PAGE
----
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Before you go…


Before you rush off at the end of a workshop, spare a thought for the trainer...

Many years ago, just for the fun of it, I decided to do an evening class; as I’d been watching a lot of TV at the time (and was a particular fan of “LA Law”), I decided that I would do a GCSE in Law.  I had a great time, partly because I had a real interest in the subject and partly due to the efforts of the teacher, who was engaging, entertaining and had a real love of the subject.  Thanks to him, I not only passed the subject but got an “A” grade, which no doubt came as a surprise to us both.

One of the things I learned from him is that “circumstances alter cases,” the idea that the context to an event or an action can change the way that event or action is viewed.  What is unacceptable in certain circumstances may be acceptable in others, and vice versa; it’s an idea that extends to pretty much every aspect of life.  On previous workshops, I’ve worked with actors and have used an exercise that they’ve called “heightened text” – asking a delegate to read a piece of Shakespeare’s prose in front of a group, to find that delegate’s “default” behaviours under stressful situations.

These heightened situations can sometimes apply to workshops as a whole, particularly multi-day courses; relationships are formed under unusual circumstances and people can become very close very quickly.  The circumstances within which people are placed changes the way they behave with each other and the relationships they form.

I’m reminded of this at the end of most workshops.  There are the occasional groups of whom I’m glad to see the back – that mostly has more to do with me than with them, I hasten to add.  But for most groups, I’m sad to see them go.  Although we may only been together for seven or eight hours, the heightened circumstances means that – for me, at least – some kind of bond or connection has been built and it comes abruptly to an end when the workshop finishes.  The saddest place for me is a training room at the end of the day: quiet and empty, with all the flipcharts on the walls but with no delegates.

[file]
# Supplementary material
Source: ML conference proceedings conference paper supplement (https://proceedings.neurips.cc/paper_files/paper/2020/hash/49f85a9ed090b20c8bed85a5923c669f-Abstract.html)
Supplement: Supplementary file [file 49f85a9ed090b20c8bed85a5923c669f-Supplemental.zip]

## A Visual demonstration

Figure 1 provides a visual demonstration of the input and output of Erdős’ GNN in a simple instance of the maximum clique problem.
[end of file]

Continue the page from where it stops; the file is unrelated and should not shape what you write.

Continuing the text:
They go back to their lives, I go back to mine and I rarely know whether what I said or did on that workshop made a difference to them or how they go on when they tried to apply what they learned.  So the next time you go on a workshop, slow down before you leave at the end of the day. You may be in a hurry to fill in the feedback form and get out of there as quickly as you can but spare a thought for the trainer; if he or she asks you to keep in touch or let them know how you get on, make a little note in your diary and do so – it’ll make their day.

One Response

  1. Before you rush off…

    Hi Steve

    I hope some training participants do get to read this – my sentiments entirely! Thank you for sharing!



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